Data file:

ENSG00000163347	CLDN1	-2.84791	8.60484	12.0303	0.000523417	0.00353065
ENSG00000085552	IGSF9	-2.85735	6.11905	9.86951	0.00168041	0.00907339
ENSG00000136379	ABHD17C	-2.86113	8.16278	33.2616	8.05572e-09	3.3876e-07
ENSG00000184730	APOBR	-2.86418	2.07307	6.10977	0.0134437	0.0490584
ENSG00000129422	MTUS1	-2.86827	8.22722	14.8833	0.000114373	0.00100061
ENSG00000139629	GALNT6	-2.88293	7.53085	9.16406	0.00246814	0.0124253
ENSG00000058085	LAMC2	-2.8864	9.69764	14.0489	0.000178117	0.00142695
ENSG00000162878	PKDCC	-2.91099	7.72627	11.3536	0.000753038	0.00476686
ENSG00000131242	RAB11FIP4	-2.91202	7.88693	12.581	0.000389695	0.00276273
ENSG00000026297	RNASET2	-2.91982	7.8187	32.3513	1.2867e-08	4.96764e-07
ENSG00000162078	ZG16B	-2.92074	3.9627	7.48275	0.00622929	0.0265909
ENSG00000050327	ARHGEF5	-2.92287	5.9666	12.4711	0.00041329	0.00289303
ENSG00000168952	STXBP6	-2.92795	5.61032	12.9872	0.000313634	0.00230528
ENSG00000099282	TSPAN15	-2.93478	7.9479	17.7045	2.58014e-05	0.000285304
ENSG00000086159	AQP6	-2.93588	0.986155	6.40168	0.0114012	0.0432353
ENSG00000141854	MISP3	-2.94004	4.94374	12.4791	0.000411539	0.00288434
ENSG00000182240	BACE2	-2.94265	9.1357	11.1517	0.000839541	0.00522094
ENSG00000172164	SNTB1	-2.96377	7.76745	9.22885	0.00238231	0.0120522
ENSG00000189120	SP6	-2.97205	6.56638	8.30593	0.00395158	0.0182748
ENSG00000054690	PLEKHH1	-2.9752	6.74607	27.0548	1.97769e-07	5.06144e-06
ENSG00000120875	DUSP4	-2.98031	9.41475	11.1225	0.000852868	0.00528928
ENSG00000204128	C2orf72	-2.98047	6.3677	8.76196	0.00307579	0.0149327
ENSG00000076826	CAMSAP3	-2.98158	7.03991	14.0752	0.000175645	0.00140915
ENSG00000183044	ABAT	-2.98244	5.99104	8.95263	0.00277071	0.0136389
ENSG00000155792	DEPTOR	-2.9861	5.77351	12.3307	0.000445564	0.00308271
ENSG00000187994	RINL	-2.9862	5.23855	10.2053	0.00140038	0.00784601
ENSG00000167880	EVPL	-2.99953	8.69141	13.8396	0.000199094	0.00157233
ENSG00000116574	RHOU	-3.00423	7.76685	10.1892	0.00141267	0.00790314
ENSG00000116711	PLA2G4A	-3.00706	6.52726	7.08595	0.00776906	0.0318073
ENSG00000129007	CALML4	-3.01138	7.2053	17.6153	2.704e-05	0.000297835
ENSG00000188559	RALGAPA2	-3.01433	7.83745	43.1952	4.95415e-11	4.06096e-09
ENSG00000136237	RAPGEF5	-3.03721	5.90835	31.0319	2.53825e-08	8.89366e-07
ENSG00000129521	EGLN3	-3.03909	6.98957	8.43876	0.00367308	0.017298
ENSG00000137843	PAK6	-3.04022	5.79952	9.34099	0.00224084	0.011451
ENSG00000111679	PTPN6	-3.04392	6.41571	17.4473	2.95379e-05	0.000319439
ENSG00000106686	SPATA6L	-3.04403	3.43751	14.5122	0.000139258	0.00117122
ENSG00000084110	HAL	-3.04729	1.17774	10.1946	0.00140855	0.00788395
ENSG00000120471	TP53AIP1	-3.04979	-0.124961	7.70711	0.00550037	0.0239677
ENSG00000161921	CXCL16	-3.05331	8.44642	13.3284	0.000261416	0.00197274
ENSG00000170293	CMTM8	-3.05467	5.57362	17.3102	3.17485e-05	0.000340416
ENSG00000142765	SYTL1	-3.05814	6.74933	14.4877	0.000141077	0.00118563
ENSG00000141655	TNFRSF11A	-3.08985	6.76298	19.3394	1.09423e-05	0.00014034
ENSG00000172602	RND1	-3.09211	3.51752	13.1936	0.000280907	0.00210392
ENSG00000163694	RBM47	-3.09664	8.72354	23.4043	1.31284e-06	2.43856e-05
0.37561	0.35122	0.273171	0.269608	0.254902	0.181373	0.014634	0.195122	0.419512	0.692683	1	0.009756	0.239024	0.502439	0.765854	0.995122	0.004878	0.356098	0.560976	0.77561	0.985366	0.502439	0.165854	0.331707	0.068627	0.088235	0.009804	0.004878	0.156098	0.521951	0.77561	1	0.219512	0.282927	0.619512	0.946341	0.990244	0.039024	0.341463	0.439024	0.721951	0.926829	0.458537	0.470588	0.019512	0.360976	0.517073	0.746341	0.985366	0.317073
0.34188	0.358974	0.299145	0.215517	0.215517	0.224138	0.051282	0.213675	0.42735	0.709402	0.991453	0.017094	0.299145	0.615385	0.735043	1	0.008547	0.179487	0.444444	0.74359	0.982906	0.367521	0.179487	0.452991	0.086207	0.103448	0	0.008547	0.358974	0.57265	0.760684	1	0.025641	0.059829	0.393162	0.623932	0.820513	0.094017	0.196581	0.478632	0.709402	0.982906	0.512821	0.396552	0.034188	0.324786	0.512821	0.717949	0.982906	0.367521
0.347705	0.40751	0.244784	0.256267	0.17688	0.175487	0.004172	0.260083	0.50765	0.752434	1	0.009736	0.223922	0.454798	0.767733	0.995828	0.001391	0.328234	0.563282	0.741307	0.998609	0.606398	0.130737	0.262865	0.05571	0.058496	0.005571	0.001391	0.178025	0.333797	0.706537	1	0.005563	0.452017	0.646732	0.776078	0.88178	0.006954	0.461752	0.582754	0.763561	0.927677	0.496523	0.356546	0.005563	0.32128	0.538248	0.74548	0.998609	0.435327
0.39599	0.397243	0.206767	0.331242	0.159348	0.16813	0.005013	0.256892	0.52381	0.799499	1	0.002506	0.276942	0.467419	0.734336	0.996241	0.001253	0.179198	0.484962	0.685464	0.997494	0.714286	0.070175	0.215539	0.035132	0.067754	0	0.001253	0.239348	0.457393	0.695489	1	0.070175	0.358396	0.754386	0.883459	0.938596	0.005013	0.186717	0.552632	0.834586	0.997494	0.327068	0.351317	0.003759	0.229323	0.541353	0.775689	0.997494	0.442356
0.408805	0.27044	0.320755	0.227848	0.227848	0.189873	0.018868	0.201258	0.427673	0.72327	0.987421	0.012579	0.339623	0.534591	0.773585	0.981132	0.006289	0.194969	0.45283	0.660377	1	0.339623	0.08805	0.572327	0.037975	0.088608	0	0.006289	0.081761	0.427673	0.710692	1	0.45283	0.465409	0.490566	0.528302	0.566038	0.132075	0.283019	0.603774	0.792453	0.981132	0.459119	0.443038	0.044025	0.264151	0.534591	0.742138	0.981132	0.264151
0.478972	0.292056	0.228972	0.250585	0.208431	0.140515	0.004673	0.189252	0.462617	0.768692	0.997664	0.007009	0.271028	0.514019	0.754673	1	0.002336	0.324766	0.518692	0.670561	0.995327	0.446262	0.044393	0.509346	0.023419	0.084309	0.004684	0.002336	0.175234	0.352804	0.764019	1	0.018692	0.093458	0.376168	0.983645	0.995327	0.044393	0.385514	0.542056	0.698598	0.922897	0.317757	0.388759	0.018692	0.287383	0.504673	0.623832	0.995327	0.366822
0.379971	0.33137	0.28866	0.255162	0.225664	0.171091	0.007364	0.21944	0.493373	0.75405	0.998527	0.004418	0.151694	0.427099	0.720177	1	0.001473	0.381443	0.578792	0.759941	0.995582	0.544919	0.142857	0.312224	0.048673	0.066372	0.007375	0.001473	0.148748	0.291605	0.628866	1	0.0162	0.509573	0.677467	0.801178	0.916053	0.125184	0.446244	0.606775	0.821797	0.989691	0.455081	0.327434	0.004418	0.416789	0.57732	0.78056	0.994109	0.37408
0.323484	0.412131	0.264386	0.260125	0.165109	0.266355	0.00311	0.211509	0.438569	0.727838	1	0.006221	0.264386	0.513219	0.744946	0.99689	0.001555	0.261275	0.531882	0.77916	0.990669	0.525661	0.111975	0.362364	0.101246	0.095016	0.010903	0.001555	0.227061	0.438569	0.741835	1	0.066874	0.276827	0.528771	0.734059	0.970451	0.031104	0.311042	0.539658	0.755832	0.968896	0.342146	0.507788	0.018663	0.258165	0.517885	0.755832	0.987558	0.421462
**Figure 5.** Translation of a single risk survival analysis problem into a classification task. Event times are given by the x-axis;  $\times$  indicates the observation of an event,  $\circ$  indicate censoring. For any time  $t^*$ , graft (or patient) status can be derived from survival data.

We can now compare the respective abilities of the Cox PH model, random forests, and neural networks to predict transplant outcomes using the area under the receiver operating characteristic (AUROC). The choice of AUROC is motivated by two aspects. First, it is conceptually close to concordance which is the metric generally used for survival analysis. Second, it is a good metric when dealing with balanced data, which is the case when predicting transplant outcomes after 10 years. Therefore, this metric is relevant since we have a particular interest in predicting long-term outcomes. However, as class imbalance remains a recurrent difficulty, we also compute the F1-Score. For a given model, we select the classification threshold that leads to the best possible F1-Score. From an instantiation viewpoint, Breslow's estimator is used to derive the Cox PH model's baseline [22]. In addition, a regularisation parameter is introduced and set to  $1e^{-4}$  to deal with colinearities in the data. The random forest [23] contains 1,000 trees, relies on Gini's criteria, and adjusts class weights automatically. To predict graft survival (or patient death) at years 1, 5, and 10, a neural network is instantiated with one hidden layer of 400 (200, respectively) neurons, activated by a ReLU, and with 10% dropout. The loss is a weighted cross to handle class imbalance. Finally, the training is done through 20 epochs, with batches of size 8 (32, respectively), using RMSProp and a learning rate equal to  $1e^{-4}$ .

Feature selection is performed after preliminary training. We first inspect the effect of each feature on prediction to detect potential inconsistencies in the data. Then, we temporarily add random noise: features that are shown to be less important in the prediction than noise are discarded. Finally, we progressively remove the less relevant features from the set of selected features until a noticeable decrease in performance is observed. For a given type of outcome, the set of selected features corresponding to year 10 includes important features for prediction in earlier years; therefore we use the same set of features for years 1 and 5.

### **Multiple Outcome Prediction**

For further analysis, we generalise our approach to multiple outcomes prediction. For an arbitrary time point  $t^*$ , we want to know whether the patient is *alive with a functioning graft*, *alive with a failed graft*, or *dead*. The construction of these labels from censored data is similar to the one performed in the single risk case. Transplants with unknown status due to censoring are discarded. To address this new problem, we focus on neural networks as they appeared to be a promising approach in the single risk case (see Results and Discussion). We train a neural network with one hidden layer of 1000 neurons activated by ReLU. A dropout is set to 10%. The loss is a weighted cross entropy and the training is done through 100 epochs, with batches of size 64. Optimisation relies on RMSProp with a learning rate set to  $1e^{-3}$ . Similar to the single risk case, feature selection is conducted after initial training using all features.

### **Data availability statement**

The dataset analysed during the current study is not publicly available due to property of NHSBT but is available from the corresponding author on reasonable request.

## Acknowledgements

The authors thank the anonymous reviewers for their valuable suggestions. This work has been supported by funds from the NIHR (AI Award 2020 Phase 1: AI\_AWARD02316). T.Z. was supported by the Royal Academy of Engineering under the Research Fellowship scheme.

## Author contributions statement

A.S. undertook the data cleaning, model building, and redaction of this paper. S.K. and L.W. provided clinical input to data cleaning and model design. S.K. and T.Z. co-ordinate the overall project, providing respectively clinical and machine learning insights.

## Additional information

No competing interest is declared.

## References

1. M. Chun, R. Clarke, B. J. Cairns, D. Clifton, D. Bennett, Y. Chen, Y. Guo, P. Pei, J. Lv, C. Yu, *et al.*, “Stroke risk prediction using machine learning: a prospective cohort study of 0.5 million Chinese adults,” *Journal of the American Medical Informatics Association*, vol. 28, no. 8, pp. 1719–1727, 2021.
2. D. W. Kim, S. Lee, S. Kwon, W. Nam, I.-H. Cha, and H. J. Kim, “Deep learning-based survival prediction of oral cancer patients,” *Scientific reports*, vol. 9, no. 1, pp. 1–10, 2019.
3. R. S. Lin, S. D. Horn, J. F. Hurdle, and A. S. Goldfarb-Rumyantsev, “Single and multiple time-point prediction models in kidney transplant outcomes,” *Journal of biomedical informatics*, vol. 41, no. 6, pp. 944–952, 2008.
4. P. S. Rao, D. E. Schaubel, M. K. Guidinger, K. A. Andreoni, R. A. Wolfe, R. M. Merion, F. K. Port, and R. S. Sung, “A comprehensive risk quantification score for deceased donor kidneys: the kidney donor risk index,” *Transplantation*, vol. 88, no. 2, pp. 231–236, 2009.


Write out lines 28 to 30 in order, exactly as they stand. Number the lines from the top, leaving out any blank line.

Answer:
ENSG00000116574	RHOU	-3.00423	7.76685	10.1892	0.00141267	0.00790314
ENSG00000116711	PLA2G4A	-3.00706	6.52726	7.08595	0.00776906	0.0318073
ENSG00000129007	CALML4	-3.01138	7.2053	17.6153	2.704e-05	0.000297835